Not only is the meat – breast included – wonderfully soft and moist, the cooking liquid becomes rich and delicious stock! And you can leave the slow cooker on for hours while you get on with other things.

Oh and the carcass can go back into the slow cooker to make a second portion of stock. Yes, even after long and slow poaching, there’s plenty of flavour left in the remains and no, the resulting stock is not insipid. Although it does have far less gelatin than the original poaching liquid stock, it’s still great as a soup or risotto base.

A very loose recipe…

  • Make sure you know the size of your slow cooker when you’re buying your chicken! I buy 1.5 to 2 kilo birds, in general.
  • Peel and chop some root vegetables and an onion.
  • Place the vegetables and chicken into the slow cooker. I usually put a layer of vegetables below, then the chicken, and then stuff the rest of the vegetables around the sides.
  • Pour in water to come about two thirds of the way up the chicken. (Check your slow cooker instructions for recommendations on maximum volume of liquid).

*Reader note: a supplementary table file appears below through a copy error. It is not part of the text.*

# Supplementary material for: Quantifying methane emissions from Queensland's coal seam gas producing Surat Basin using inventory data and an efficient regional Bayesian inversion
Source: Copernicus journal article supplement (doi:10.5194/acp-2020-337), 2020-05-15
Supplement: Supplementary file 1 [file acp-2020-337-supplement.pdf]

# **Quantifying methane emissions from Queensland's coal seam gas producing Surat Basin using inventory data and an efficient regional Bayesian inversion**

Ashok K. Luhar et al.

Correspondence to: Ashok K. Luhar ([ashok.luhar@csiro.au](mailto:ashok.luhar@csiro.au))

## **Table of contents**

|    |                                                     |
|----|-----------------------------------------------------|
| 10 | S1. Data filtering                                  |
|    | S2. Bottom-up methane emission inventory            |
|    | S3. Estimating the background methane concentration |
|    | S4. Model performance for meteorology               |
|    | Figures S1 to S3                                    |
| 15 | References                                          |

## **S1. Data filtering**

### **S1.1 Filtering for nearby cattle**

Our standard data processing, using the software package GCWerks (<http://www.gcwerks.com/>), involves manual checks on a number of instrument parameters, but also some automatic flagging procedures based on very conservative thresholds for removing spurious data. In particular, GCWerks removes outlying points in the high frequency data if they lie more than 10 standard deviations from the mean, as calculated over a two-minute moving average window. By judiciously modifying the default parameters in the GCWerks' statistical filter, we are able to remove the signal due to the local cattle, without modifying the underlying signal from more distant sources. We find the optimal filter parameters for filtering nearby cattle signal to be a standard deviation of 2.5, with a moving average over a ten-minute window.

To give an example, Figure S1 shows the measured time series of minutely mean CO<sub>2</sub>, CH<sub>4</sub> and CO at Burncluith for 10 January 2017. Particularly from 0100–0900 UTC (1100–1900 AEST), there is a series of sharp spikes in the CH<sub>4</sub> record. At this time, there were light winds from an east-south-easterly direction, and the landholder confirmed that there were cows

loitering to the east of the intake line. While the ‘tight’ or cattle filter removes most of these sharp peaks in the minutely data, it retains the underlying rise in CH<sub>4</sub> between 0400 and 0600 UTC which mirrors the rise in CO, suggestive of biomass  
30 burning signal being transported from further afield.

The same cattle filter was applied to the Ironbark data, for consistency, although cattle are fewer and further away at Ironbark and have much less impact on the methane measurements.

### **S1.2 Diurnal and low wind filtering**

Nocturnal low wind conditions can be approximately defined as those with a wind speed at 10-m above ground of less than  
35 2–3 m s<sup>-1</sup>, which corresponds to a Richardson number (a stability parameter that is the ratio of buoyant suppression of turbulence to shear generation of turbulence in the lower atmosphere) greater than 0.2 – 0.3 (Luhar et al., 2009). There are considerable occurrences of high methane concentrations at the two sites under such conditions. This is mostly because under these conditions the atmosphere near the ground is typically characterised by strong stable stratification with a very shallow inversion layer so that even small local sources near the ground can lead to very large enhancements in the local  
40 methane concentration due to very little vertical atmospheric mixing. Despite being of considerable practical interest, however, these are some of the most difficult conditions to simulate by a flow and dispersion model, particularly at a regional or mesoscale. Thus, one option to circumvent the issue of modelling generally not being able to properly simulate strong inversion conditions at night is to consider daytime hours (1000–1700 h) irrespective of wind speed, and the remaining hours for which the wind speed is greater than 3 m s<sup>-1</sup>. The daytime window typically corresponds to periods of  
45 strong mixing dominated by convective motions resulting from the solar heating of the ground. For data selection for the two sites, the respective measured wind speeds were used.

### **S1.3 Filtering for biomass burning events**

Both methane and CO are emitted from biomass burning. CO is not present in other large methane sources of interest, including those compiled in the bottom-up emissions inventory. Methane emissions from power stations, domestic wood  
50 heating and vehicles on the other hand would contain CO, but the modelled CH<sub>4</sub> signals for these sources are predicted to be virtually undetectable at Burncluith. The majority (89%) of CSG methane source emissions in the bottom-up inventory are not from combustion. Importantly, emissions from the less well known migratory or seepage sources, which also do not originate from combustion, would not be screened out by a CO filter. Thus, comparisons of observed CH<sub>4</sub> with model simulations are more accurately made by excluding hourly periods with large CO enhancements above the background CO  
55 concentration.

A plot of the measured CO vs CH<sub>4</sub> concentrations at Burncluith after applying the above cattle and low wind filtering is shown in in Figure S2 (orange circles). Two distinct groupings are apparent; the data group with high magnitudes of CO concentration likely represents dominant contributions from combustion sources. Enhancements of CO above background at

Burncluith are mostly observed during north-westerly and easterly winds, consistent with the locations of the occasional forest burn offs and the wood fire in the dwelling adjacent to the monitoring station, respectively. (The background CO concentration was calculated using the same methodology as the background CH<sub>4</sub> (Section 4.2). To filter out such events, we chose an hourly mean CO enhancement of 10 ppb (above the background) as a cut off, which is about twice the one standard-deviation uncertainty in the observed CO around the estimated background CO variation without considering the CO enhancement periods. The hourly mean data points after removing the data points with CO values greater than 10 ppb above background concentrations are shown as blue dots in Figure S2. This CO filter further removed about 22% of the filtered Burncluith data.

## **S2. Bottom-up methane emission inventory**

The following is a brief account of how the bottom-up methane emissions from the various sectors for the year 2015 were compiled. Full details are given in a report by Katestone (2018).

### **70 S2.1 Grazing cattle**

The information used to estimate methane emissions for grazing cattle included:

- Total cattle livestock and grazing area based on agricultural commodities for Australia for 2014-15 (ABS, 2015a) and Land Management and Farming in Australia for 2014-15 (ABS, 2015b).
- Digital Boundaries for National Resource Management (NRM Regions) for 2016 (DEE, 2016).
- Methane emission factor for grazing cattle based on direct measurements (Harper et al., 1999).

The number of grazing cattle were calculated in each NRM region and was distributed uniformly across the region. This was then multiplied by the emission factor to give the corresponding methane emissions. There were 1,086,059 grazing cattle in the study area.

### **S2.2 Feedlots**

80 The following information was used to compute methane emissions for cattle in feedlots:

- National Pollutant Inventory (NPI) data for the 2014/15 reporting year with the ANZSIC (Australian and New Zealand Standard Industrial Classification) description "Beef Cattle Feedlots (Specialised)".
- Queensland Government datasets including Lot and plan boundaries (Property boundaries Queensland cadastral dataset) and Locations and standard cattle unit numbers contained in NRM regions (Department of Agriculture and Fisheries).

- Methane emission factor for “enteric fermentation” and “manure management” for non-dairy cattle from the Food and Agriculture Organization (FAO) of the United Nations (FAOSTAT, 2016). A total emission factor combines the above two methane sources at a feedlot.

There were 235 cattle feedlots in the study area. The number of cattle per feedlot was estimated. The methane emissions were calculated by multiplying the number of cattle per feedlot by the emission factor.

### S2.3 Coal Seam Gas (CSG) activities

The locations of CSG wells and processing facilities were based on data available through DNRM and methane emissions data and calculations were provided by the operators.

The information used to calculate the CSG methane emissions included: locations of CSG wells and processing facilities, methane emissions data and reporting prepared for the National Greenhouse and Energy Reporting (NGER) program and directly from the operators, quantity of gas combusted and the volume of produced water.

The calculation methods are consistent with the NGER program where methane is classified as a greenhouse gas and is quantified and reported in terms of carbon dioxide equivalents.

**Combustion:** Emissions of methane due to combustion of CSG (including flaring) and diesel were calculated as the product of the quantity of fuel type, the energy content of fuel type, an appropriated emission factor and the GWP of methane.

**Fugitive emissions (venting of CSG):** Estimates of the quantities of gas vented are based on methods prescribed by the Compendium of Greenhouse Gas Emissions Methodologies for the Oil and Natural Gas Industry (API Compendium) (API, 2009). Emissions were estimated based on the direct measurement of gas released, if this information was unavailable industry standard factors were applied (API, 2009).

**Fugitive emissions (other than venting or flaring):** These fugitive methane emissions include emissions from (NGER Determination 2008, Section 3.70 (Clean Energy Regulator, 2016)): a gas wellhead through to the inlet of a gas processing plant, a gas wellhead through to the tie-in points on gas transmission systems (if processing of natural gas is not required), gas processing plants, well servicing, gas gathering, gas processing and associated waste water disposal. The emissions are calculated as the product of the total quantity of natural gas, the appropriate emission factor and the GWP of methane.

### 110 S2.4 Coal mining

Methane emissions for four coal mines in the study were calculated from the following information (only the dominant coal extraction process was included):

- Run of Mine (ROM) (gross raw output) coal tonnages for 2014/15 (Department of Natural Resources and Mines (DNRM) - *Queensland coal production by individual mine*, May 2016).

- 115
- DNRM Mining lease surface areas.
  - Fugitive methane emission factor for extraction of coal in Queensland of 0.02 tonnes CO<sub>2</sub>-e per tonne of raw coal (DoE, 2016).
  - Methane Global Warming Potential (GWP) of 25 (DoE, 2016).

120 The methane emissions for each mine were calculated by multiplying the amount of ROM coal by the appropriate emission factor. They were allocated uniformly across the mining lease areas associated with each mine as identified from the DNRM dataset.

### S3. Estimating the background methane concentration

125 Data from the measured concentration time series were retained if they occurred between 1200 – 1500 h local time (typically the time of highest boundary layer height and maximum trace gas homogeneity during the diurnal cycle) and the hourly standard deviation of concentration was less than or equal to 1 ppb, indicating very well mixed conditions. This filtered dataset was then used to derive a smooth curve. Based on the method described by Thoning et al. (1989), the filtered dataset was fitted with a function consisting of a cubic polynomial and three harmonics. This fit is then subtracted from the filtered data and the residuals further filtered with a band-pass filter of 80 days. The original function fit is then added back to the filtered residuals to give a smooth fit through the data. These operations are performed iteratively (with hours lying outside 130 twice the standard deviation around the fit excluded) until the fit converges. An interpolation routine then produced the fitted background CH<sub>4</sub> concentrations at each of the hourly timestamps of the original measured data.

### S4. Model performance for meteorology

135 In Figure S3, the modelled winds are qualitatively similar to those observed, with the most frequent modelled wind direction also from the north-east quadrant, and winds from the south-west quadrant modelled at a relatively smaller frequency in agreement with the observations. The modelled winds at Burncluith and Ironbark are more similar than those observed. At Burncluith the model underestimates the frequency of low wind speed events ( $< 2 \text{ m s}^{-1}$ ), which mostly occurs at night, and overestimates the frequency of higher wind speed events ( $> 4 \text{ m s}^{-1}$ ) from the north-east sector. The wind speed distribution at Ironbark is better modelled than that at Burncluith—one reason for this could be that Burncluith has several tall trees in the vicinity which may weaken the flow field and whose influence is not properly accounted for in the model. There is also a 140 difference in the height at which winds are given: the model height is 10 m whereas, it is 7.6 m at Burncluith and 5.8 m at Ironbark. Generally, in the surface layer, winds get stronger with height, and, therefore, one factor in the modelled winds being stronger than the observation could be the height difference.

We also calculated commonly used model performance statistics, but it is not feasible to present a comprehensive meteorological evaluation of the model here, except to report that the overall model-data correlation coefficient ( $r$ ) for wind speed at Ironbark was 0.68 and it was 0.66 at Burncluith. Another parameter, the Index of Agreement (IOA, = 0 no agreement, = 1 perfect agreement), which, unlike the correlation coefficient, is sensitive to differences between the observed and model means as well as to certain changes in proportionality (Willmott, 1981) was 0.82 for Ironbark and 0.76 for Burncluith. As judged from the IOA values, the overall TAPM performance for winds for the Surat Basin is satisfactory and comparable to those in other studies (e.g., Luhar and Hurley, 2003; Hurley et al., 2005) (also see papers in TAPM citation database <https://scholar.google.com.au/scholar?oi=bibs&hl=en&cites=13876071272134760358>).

• Cook for several hours. I usually start on high for the first couple of hours and then turn to auto or low for another 4 or 5 hours.

PoachedChicken-0715 PoachedChicken-0717

  • Take care removing the whole bird from the liquid. Once cooked, it will be so tender that most of the joints will fall apart very easily, and indeed my bird has broken into pieces more than once at this stage. Using two large slotted spoons works well.

PoachedChicken-0718

  • Separate the meat from the bones, tendons and skin. I find two spoons the best tool for this job, or fingers if you wait until it’s cooled down.
  • Strain the poaching liquid through a muslin-lined sieve and divide into 2 or 3 portions. Store in the fridge or freezer.
  • Divide the meat into portions and store the extra in the fridge or freezer.
  • Put the discarded skin, bones and tendons back into the slow cooker with fresh water and leave on overnight for a second portion of stock.

This time, I served the meat plain some buttery mashed potato and the onion, carrots, swedes and leeks the chicken was poached with.

PoachedChicken-0720

Sometimes I make a crunchy spring or summer salad instead, with ingredients such as thinly sliced raw red onion, fresh raw sugar snap peas, halved cherry tomatoes and a simple vinaigrette dressing.